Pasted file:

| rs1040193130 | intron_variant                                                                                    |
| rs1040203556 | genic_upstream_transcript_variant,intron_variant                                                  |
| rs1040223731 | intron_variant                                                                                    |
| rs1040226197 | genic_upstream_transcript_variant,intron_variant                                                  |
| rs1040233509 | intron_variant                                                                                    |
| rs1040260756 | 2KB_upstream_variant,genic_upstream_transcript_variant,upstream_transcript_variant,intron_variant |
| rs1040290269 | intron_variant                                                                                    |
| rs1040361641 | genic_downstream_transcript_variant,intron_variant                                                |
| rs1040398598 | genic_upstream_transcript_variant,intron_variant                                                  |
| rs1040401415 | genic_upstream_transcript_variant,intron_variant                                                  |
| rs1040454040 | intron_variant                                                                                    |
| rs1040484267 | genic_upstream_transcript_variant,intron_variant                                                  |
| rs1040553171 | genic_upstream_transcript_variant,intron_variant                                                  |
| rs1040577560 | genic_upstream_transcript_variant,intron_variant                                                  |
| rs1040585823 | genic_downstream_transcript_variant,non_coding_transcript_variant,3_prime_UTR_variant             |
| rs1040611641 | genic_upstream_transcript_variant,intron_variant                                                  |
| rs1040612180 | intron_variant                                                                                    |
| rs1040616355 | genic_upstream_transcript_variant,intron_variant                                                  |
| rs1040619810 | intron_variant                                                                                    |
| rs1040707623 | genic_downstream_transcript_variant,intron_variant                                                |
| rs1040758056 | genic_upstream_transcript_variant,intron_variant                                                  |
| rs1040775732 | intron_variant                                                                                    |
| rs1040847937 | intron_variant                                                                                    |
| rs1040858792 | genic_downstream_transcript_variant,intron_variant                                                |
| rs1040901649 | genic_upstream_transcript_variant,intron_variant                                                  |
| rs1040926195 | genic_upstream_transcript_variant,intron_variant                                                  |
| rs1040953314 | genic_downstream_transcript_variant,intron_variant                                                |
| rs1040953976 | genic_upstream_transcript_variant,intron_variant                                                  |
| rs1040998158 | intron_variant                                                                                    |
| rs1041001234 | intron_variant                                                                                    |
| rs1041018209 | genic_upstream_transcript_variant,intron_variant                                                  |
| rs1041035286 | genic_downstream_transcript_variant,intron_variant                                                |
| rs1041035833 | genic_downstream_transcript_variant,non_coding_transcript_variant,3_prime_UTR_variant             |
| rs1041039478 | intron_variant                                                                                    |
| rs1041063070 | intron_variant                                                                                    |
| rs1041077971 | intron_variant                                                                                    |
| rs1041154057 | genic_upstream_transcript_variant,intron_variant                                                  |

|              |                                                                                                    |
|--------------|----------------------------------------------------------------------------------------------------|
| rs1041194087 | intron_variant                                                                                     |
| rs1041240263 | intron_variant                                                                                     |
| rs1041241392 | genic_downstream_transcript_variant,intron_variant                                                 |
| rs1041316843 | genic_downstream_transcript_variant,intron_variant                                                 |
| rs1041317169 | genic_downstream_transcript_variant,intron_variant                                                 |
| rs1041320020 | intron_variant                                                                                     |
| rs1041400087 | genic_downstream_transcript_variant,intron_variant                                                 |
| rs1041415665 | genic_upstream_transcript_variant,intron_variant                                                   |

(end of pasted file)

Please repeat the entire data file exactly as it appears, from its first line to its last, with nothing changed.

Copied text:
| rs1040193130 | intron_variant                                                                                    |
| rs1040203556 | genic_upstream_transcript_variant,intron_variant                                                  |
| rs1040223731 | intron_variant                                                                                    |
| rs1040226197 | genic_upstream_transcript_variant,intron_variant                                                  |
| rs1040233509 | intron_variant                                                                                    |
| rs1040260756 | 2KB_upstream_variant,genic_upstream_transcript_variant,upstream_transcript_variant,intron_variant |
| rs1040290269 | intron_variant                                                                                    |
| rs1040361641 | genic_downstream_transcript_variant,intron_variant                                                |
| rs1040398598 | genic_upstream_transcript_variant,intron_variant                                                  |
| rs1040401415 | genic_upstream_transcript_variant,intron_variant                                                  |
| rs1040454040 | intron_variant                                                                                    |
| rs1040484267 | genic_upstream_transcript_variant,intron_variant                                                  |
| rs1040553171 | genic_upstream_transcript_variant,intron_variant                                                  |
| rs1040577560 | genic_upstream_transcript_variant,intron_variant                                                  |
| rs1040585823 | genic_downstream_transcript_variant,non_coding_transcript_variant,3_prime_UTR_variant             |
| rs1040611641 | genic_upstream_transcript_variant,intron_variant                                                  |
| rs1040612180 | intron_variant                                                                                    |
| rs1040616355 | genic_upstream_transcript_variant,intron_variant                                                  |
| rs1040619810 | intron_variant                                                                                    |
| rs1040707623 | genic_downstream_transcript_variant,intron_variant                                                |
| rs1040758056 | genic_upstream_transcript_variant,intron_variant                                                  |
| rs1040775732 | intron_variant                                                                                    |
| rs1040847937 | intron_variant                                                                                    |
| rs1040858792 | genic_downstream_transcript_variant,intron_variant                                                |
| rs1040901649 | genic_upstream_transcript_variant,intron_variant                                                  |
| rs1040926195 | genic_upstream_transcript_variant,intron_variant                                                  |
| rs1040953314 | genic_downstream_transcript_variant,intron_variant                                                |
| rs1040953976 | genic_upstream_transcript_variant,intron_variant                                                  |
| rs1040998158 | intron_variant                                                                                    |
| rs1041001234 | intron_variant                                                                                    |
| rs1041018209 | genic_upstream_transcript_variant,intron_variant                                                  |
| rs1041035286 | genic_downstream_transcript_variant,intron_variant                                                |
| rs1041035833 | genic_downstream_transcript_variant,non_coding_transcript_variant,3_prime_UTR_variant             |
| rs1041039478 | intron_variant                                                                                    |
| rs1041063070 | intron_variant                                                                                    |
| rs1041077971 | intron_variant                                                                                    |
| rs1041154057 | genic_upstream_transcript_variant,intron_variant                                                  |

|              |                                                                                                    |
|--------------|----------------------------------------------------------------------------------------------------|
| rs1041194087 | intron_variant                                                                                     |
| rs1041240263 | intron_variant                                                                                     |
| rs1041241392 | genic_downstream_transcript_variant,intron_variant                                                 |
| rs1041316843 | genic_downstream_transcript_variant,intron_variant                                                 |
| rs1041317169 | genic_downstream_transcript_variant,intron_variant                                                 |
| rs1041320020 | intron_variant                                                                                     |
| rs1041400087 | genic_downstream_transcript_variant,intron_variant                                                 |
| rs1041415665 | genic_upstream_transcript_variant,intron_variant                                                   |